There has recently been a movement to bring more STEM education into the classroom from educators and technology advocates all over the world. The reality is that the future of high-tech product development will require a working knowledge of STEM skills and concepts, so integrating it into the educational workflow is pretty vital if any school wants to produce students ready for life in the 21st century. Unfortunately there has been quite a bit of resistance, not so much because schools are unwilling to teach more well-rounded subjects but rather because many educators simply don’t know how to make it part of their curriculum.
Using educational games has been a tried and true method for making education more palatable to children for years. While educational games like flash cards predate digital educational games by decades, video games like Oregon Trail were made to help a new generation of children learn history and strategy by using modern tools like desktop computers. The purpose of both flash cards and Oregon Trail are the same: take complicated or boring educational material and dress it up as a fun-to-play game to help familiarize students with concepts and ideas that would traditionally bore them. It is sort of the “spoonful of sugar makes the medicine go down” approach to education.
Microsoft Japan has decided to use this approach to technology education with their new attempt to bring coding, programming and 3D printing into Japanese middle schools. The Japan-based Microsoft subsidiary teamed up with Japanese 3D printing service provider Kabuku and the Rinkak Avatar 3D Printing Solution for a pilot tutorial project that aims to introduce students to basic coding concepts and digital fabrication using the world of Minecraft. The pilot program is a test case for the ICT (Information and Communications Technology) Dream School Council of The Ministry of Internal Affairs and Communications of Japan.
The ICT Dream School’s new course is called Digital House Making and is being offered to grade six students from the Sarugaku Elementary School in Tokyo with ten 45-minute sessions. Each student will design and build their own building or structure and then have it 3D printed for them. The class was set up to use the familiar game language of Minecraft to encourage the students to learn more about basic coding and 3D printing technology. The ultimate goal is to help the young students learn new skills and hopefully give them the desire to continue with their programming lessons.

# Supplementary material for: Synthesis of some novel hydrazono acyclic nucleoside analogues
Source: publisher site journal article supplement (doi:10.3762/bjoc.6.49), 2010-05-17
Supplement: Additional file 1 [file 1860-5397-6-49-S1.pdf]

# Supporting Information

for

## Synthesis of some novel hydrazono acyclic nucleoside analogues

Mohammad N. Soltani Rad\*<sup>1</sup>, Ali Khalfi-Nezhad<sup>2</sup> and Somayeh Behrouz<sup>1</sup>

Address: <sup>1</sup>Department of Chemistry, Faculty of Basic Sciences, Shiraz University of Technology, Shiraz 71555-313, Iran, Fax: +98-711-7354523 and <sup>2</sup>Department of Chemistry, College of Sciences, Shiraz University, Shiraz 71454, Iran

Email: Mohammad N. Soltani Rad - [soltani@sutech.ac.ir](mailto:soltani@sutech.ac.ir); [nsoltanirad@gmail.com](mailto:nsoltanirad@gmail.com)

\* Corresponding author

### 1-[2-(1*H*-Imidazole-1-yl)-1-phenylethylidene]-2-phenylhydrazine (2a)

In order to provide the students with their 3D printed buildings Kabuku integrated the Rinkak Avatar 3D printing app into the Minecraft game. With the app, once the student’s structure is done they can simply send the building off to be 3D printed as duplicates of their Minecraft structure. Once Kabuku 3D prints the buildings using full color sandstone it is sent directly to the classroom so the students can continue their coding and 3D printing technology lessons.
While it is still too early to judge the success of the project, so far it seems to be quite promising. Early indications are that holding a 3D printed copy of their Minecraft building makes it easier for students to understand how programming and coding is used to build virtual objects. You can learn more about the class and see some of the student works over on the Rinkak website. Are you a Minecraft fan? What do you think of this project? Discuss in the Microsoft Japan and Minecraft 3D Printing forum over at 3DPB.com.
You May Also Like
Multimaterial 3D Printing Filaments for Optoelectronics
Authors Gabriel Loke, Rodger Yuan, Michael Rein, Tural Khudiyev, Yash Jain, John Joannopoulous, and Yoel Fink have all come together to explore new filament options, with their findings outlined in...
Germany: Two-Photon Polymerization 3D Printing with a Microchip Laser
Laser additive manufacturing technology is growing more prevalent around the world for industrial uses, leading researchers to investigate further in relation to polymerization, with findings outlined in the recently published...
3D Printing Polymer-Bonded Magnets Rival Conventional Counterparts
Authors Alan Shen, Xiaoguang Peng, Callum P. Bailey, Sameh Dardona, and W.K Anson explore new techniques in ‘3Dprinting of polymer-bonded magnets from highly concentrated, plate-like particle suspension.’ While magnets have...
South Africa: FEA & Compression Testing of 3D Printed Models
Researchers D.W. Abbot, D.V.V. Kallon, C. Anghel, and P. Dube delve into complex analysis and testing in the ‘Finite Element Analysis of 3D Printed Model via Compression Tests.’ For this...
View our broad assortment of in house and third party products.